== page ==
Saturday night, everybody thought Jonathan Lucroy was on his way to Cleveland, dealt in exchange for four exciting young prospects. But come Sunday morning, Lucroy had exercised the no-trade clause in his contract, putting an end to a move to the first place Cleveland squad despite his repeated desires to play for a championship contender.
Reportedly, there were two main issues driving Lucroy’s desire to veto the trade. First of all, Lucroy wanted Cleveland to promise not to pick up his $5.25 million team option for the 2017 season, and secondly, he wanted a promise that he, not Yan Gomes, would be Cleveland’s starting catcher next season if that option was picked up. Cleveland declined on both fronts, and thus Lucroy remained a Brewer, at least for another day.
Beyond his obvious talent, Lucroy’s contract is one of the reasons he is such a sought after target in this year’s trade market. He will earn just about $2 million for the rest of 2016 and has a team option for next year at a bargain basement $5.2 million. Lucroy has already been worth 3.0 WARP this season and is projected to finish at 4.6, making him an All-Star level performer at a utility man price.
Lucroy signed a five-year, $11 million contract in spring training of 2012, after he hit an underwhelming .265/.313/.391 in 2011’s National League Central championship season. He had yet to develop into the MVP candidate we’ve seen him play like in 2014 and 2016, but his defense and youth combined to make him a valuable asset for the Brewers. The Brewers were betting on Lucroy to stay relatively healthy and continue improving. Lucroy, in exchange for his signature, received financial security and certainty at the expense of the chance to earn bigger contracts in salary arbitration over these past few seasons.
For roughly $9 million, Lucroy has provided the Brewers with 34.1 WARP, which even by the most conservative estimates comes out to over $150 million worth of value for the club. A big reason the Brewers — and the many teams who have profited in big ways off similarily negotiated pre-arbitration contracts — is the unbalancd stakes at play in the negotiation. Lucroy was under the Brewers’ control for six years no matter what happened. On Lucroy’s side, however, he had to weigh the possibility of injury or an otherwise unexpected sharp decline prematurely ending his career before he made it to his first arbitration season, his first chance to make substantially more than baseball’s $424,000 minimum salary in 2011.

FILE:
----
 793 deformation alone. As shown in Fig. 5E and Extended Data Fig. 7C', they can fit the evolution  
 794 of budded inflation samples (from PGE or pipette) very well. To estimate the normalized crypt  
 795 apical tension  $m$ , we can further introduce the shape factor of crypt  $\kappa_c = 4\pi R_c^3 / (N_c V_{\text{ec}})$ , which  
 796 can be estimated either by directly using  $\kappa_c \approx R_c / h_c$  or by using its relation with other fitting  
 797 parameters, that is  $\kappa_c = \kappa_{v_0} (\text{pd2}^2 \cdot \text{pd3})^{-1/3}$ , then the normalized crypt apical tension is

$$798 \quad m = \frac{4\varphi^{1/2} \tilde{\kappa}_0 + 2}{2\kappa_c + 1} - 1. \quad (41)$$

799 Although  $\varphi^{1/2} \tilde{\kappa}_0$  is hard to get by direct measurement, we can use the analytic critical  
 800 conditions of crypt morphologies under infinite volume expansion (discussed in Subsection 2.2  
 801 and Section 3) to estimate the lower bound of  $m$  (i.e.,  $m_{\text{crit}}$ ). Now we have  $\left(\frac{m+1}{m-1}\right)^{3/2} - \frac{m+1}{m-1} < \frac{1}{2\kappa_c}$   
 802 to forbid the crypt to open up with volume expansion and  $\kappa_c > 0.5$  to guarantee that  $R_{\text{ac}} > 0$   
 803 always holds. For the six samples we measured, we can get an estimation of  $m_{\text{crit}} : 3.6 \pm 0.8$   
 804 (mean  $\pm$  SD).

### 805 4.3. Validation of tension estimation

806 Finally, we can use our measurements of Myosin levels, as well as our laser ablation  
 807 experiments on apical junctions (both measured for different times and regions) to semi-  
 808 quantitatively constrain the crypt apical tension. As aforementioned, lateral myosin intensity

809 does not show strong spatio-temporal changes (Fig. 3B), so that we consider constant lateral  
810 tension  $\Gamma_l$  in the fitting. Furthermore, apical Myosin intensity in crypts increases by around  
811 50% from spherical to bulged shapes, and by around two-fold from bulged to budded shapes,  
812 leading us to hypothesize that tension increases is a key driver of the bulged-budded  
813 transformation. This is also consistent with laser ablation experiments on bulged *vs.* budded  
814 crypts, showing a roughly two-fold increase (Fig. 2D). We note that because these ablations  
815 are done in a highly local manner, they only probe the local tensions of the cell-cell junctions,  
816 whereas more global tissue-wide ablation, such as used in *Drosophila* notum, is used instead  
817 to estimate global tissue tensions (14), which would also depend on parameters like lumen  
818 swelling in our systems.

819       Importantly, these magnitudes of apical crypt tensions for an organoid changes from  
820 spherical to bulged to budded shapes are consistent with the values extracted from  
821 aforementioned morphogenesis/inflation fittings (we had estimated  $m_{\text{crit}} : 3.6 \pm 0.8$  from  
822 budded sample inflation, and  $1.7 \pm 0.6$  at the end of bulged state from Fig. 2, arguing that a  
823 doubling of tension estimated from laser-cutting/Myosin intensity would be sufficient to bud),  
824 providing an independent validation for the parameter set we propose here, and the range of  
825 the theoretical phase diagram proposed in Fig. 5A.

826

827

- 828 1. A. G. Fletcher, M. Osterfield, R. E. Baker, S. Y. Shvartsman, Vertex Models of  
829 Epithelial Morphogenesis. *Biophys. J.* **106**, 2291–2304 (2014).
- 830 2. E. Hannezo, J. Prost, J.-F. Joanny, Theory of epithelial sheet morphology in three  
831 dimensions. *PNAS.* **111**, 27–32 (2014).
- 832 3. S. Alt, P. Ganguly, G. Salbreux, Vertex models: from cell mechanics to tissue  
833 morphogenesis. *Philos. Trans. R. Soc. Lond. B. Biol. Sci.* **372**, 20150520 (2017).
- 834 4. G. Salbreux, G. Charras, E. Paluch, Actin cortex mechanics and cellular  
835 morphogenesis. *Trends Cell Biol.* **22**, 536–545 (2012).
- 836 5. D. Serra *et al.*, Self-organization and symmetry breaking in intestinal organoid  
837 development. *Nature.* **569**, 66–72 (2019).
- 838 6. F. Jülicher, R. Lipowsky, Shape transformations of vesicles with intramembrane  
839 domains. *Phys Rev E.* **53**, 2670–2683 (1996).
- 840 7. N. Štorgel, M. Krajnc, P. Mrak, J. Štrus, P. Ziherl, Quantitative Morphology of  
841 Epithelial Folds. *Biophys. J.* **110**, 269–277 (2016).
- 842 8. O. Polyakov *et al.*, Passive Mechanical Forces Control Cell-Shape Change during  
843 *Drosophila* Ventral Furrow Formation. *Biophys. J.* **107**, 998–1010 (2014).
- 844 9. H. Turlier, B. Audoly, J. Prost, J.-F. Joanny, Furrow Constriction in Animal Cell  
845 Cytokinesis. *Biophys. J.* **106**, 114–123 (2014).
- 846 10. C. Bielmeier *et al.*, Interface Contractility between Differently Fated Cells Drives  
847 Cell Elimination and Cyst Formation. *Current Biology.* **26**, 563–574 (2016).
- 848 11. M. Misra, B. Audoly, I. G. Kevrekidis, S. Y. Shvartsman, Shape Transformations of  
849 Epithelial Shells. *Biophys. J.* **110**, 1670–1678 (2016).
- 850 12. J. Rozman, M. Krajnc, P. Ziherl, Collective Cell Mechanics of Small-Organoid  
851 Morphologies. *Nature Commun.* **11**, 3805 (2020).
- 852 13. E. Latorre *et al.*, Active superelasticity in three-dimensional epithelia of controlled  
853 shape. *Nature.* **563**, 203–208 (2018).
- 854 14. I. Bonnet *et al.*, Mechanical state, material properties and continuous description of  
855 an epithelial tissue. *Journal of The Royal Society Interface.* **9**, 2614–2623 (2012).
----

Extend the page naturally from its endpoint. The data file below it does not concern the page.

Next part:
The no-trade clause Lucroy negotiated into his contract — that he earned through his minor league and major league performance through 2011, and his potential for growth — was one of his only ways to exert control over his career. He needed that to ensure he was in the best possible situation not only to play for a winner, but to set himself up in the best possible way for the big payday he delayed by agreeing to that contract in 2012.
With all that in mind, knowing that Cleveland wasn’t willing to decline his option or guarantee him the starting job in 2017, I find it very difficult to argue with Lucroy’s decision to veto the trade. His talent is so obvious that there will surely be other contending suitors to make a compelling offer (perhaps before this post even goes live).
It’s unfortunate for the Brewers, who have a short window with which to complete another trade. But it’s not Lucroy’s job to look out for the future of this club, and David Stearns and company knew heading into negotations that Cleveland was on Lucroy’s no-trade list and that a veto was a possibility.
Given Lucroy’s obvious talent, though, I don’t think Brewers fans even need to worry about this decision hurting the club’s future. Somebody will almost certainly make the Brewers a great offer, and even if they don’t, they have the full winter and another summer with which to figure out Lucroy’s future, whether via trade or contract extension. Lucroy exercised understandable control over his future with this decision, and the Brewers still have ample opportunity to make the most of the situation.